Finding Equilibrium explores the post–World War II transformation of economics by constructing a history of the proof of its central dogma—that a competitive market economy may possess a set of equilibrium prices. The model economy for which the theorem could be proved was mapped out in 1954 by Kenneth Arrow and Gerard Debreu collaboratively, and by Lionel McKenzie separately, and would become widely known as the "Arrow-Debreu Model." While Arrow and Debreu would later go on to win separate Nobel prizes in economics, McKenzie would never receive it. Till Düppe and E. Roy Weintraub explore the lives and work of these economists and the issues of scientific credit against the extraordinary backdrop of overlapping research communities and an economics discipline that was shifting dramatically to mathematical modes of expression.
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Based on recently opened archives, Finding Equilibrium shows the complex interplay between each man’s personal life and work, and examines compelling ideas about scientific credit, publication, regard for different research institutions, and the awarding of Nobel prizes. Instead of asking whether recognition was rightly or wrongly given, and who were the heroes or villains, the book considers attitudes toward intellectual credit and strategies to gain it vis-à-vis the communities that grant it.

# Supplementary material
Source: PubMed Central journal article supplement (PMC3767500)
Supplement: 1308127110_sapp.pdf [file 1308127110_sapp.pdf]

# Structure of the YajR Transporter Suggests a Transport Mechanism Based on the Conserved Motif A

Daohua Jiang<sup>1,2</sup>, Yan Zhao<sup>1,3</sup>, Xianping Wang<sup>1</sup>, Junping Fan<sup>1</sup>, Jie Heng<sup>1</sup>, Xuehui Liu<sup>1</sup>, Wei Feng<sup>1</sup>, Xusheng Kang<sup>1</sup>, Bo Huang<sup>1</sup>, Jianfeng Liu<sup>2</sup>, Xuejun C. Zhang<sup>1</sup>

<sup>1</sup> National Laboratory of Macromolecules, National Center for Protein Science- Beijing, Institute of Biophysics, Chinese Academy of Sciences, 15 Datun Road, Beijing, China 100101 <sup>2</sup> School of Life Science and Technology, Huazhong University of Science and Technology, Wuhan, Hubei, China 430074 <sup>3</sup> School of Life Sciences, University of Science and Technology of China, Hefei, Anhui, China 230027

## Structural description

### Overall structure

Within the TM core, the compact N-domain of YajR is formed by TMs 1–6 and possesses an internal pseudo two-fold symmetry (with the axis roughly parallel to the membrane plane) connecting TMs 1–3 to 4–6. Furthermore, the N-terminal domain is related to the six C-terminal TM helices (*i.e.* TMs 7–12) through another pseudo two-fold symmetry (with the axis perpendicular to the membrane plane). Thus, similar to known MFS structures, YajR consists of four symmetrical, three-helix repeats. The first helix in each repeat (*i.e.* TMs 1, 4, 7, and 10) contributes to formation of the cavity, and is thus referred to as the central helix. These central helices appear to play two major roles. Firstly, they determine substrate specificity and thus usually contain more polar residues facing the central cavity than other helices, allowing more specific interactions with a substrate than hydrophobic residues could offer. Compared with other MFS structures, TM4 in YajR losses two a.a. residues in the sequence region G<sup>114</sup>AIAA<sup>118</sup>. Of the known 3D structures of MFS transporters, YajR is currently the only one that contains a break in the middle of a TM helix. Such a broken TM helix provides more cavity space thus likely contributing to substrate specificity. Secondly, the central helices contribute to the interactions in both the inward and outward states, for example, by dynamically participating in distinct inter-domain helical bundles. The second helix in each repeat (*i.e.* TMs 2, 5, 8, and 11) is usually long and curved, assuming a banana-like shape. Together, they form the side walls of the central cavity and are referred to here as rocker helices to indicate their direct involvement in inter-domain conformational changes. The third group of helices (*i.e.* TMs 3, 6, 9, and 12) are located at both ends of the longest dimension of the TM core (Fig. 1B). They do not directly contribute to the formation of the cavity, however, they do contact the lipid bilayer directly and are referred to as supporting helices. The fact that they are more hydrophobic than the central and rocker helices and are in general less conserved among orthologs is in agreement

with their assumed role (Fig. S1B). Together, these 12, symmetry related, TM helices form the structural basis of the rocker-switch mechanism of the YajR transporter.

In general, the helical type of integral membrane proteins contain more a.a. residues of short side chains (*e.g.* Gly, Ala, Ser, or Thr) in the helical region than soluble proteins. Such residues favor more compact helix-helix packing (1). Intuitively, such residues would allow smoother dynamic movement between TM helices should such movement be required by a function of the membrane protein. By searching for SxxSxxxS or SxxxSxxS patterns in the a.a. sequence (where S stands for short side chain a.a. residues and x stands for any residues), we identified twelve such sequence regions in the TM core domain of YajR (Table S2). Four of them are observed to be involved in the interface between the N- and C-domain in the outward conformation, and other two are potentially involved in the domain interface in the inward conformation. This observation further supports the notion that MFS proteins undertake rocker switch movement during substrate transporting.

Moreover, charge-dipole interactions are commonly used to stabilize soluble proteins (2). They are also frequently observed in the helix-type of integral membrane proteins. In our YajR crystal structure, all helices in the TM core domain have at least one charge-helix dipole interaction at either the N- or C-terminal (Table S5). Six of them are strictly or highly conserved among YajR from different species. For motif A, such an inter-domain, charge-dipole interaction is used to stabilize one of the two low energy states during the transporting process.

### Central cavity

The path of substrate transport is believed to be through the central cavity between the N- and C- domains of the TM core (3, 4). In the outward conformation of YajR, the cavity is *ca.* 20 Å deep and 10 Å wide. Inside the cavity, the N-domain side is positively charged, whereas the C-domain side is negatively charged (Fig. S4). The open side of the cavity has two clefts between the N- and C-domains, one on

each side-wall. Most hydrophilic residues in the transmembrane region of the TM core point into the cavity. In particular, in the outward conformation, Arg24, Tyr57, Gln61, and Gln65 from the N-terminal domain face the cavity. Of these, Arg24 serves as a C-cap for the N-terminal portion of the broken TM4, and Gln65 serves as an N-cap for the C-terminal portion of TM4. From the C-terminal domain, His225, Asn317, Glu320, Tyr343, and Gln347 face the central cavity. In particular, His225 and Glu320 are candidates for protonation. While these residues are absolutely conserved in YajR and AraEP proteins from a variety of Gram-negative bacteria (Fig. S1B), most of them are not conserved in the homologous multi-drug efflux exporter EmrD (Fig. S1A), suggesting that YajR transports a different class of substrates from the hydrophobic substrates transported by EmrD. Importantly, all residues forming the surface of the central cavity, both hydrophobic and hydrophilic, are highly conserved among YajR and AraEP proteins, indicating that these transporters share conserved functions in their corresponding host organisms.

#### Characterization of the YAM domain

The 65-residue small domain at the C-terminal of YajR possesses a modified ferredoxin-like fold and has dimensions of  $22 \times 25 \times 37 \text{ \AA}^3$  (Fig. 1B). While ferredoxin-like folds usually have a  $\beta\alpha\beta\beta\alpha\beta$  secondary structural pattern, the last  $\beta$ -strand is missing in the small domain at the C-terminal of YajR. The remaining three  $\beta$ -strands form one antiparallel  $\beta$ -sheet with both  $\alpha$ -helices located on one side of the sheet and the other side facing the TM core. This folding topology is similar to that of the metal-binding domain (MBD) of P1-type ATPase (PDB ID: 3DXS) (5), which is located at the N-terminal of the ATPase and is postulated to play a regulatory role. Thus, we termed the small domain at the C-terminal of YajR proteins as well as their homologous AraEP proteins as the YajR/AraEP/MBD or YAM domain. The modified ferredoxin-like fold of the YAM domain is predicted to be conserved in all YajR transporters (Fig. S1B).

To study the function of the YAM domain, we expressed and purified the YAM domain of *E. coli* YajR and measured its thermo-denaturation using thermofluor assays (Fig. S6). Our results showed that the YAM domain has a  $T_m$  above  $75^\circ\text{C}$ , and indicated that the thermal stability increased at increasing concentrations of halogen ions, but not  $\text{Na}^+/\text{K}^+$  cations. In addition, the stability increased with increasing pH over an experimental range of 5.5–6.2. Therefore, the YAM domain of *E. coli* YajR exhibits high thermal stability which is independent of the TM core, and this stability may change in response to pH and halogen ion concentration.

Telling the story behind the proof of the central theorem in economics, Finding Equilibrium sheds light on the changing nature of the scientific community and the critical connections between the personal and public rewards of scientific work.